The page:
December 17, 2002
Progress and Romanticism
A fascinating and thought-provoking article by SF author David Brin looks at the Lord of the Rings saga in a very unconventional light. Titled "Tolkien: Enemy of Progress," Brin traces the Tolkien's philosophical background through the ages; he's a classic exponent of Romanticism. His revisionist history of Middle Earth is tongue-in-cheek, but it's a refreshing look at a work I'd been taking more or less for granted. Speaking of the origins of the Romantic movement:
Temblors began splitting a chasm between Romantics and Enlightenment pragmatists. The alliance that had been so formidable against feudalism began turning against itself. Trenches soon aligned along the most obvious fault line, down the middle -- between future and past.
In this conflict, J.R.R. Tolkien stood firmly for the past.
Calling the scientific worldview "soul-less," he joined Keats and Shelley, Sir Walter Scott, Henry James and many European-trained philosophers in spurning the modern emphasis on pragmatic experimentation, production, universal literacy, progress, cooperative enterprise, democracy, city life and flattened social orders.
In contrast to these "sterile" pursuits, Romantics extolled the traditional, the personal, the particular, the subjective, the rural, the hierarchical and the metaphorical.
By the turn of the century, Romanticism was fast losing all vestige of its initial empathy for the concerns of common folk. One solitary artist -- or entertainer or lost prince or angry poet -- loomed larger in importance, by far, than a thousand craft workers, teachers or engineers (a value system shared today by the mythic engine of Hollywood). Just as in Homer's time, 10,000 foot soldiers mattered less than Achilles' heel.
It's a conflict between pragmatism and idealism, can-do and should-do, doers and dreamers, those who see reality as it is, and those who want to live in a different reality. The contempt Romantics feel for reality (and indeed, the common man) has led them over the ages to construct dream societies where all the ills would be cured and mankind would be happy again. The most famous work of this genre is Thomas More's Utopia
. In the vernacular, utopia means an elysian place of happiness. However, one common features of most utopias, including Thomas More's, is that all of these ideal dream societies are highly totalitarian and the rights of the people are severely circumscribed. The first Romantic in this sense was Plato, whose utopian fantasies of the ideal state was in effect a fascist oligarchy. Abolition of property has been recurring theme in utopian fantasies throughout the ages, as chronicled in the first chapter of Property and Freedom
. The first exponent of the opposing force of realism and common sense came from Aristotle. The conflict between the two sides has been going on ever since, right down to the battle between the values of the Englightenment and the darkness of communism.
The original concept of a Golden Age also stems from Greek antiquity. In Greek mythology, the Golden Age existed after the creation of earth, ruled by the Titan Cronus, with all goods plentiful and everyone in a state of grace. The following Silver, Bronze and Iron ages were successively worse. It's not entirely different from the Christian version, where the Golden Age was Adam and Eve's time in Eden; they too, fell from grace and man is still suffering the after-effects. It's only been the Enlightenment that moved the Golden Age from the past to the future, as Brin explains in his article.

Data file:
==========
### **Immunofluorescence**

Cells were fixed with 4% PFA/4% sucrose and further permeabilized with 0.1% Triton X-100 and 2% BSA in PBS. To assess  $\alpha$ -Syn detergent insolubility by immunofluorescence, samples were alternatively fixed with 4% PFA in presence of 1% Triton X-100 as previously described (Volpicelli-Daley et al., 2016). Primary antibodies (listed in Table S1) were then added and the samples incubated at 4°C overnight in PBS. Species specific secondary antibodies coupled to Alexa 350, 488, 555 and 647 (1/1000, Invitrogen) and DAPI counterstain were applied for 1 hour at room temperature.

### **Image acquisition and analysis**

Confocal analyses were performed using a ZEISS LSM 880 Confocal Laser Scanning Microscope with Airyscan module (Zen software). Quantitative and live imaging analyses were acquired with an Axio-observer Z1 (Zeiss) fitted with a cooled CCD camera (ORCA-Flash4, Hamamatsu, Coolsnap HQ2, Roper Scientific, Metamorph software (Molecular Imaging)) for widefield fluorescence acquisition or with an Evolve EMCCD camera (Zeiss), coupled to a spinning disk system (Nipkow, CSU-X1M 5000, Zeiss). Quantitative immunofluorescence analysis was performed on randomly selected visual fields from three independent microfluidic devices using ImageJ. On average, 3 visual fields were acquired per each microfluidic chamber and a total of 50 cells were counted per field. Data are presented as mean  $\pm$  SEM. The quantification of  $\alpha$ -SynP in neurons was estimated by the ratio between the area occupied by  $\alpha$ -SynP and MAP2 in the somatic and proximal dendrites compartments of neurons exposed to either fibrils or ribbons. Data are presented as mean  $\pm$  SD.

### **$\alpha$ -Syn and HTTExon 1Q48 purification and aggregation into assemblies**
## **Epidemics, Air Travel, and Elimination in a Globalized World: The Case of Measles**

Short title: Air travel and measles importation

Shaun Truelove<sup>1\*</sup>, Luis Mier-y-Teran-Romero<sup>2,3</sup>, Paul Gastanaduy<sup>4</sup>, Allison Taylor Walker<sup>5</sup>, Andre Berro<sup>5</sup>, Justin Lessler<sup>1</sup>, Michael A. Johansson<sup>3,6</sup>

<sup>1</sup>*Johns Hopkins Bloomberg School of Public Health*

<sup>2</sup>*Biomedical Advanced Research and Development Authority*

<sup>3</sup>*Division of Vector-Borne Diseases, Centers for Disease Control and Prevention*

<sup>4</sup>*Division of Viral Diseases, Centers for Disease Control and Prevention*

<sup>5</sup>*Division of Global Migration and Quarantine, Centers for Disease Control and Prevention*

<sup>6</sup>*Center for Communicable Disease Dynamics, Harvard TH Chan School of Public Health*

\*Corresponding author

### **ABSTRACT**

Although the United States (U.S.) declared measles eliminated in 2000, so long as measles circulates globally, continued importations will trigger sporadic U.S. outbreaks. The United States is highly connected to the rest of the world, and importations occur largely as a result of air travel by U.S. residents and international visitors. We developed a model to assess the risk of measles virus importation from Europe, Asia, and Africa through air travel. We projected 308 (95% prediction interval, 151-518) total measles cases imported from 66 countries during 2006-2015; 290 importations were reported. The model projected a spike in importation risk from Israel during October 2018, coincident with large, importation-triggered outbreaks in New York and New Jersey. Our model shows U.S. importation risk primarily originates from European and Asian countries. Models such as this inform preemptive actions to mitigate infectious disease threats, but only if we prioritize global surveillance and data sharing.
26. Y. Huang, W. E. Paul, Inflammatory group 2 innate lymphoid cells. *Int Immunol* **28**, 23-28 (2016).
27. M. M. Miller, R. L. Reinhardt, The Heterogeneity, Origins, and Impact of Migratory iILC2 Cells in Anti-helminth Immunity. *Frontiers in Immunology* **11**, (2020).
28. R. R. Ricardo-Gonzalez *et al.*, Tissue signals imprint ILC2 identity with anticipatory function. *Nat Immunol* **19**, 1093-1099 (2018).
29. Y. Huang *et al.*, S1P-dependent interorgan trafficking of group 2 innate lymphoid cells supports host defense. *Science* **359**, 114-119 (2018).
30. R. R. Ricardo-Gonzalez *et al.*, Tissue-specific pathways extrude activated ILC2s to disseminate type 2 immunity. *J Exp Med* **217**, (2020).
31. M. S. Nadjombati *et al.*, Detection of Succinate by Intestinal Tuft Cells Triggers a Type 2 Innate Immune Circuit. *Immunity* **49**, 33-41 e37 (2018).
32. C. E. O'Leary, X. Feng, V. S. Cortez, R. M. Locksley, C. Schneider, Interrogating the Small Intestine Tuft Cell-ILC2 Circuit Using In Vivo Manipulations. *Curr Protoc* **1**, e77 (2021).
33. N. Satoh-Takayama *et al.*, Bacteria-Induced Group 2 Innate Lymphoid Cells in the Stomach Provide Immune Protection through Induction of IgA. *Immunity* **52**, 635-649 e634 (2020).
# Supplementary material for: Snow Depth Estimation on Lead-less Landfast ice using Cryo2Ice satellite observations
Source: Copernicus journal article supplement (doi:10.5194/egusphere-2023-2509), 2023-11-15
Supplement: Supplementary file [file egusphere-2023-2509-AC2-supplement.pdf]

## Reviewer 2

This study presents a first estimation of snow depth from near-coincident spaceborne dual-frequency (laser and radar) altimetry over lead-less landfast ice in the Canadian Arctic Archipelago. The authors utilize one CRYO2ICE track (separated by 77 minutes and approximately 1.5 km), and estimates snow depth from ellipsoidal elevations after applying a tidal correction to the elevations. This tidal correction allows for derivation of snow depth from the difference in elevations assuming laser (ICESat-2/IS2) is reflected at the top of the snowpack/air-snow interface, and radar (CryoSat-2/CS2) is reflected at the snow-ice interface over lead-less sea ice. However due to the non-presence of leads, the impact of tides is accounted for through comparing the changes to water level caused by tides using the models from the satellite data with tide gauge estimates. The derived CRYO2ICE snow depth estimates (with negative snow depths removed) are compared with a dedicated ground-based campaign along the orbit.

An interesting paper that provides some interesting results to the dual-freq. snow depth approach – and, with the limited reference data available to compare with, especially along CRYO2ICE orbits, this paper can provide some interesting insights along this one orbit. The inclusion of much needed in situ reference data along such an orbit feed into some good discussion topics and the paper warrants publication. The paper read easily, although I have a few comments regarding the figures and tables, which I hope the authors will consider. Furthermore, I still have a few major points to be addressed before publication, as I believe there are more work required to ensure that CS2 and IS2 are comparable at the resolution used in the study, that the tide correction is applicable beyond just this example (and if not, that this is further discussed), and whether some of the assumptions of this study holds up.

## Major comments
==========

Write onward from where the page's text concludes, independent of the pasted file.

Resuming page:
While socialism in its many forms has been discredited, the conflict between the utopian Romantics and the realist Modernists still persists, despite the overwhelming evidence that the Modern way of doing things is infinitely superior. It has brought unprecedented wealth and prosperity and indeed liberty. We are fortunate to live in a time where we are the freest members of homo sapiens ever to have trod on the face of the earth. And that freedom and prosperity is now under threat by a particularly violent non-western offshoot of Romanticism. The Islamofascists also yearn for the return to a Golden Age that never was, and do not shy away from using violence to impose that Golden Age upon. It is not very surprising that our home-grown Romantics of the anti-war movement should be aiding them in this endeavor. The siren call of the Romantic movement has its appeal in the fact that it proposes a simple answer to complex problems. Go back to doing X or Y, and all will be well. It's an easy way of avoiding the confrontation with reality. Obviously, it's doomed to failure. After all, reality is that which, if you stop believing in it, does not go away.
December 13, 2002
The color of money
What does money look like? No, really. One of the interesting things I have noticed is the completely diametrical view European and Americans have on this issue. Many Europeans will say that dollar bills don't look like real money, because they're so dull and uniform, lacking the distinctive art work that goes into European bills. Conversely, Americans will cite exactly the same reason for claiming European bills are toy money, because they're so colorful and frivolous, lacking the gravitas of US dollar paper money. I guess it's a matter of pattern imprinting while growing up. The bills you handle every day become the benchmark for what you consider "money," and these perceptions become deeply engrained. There's no "natural" look to paper money, it's just what it is.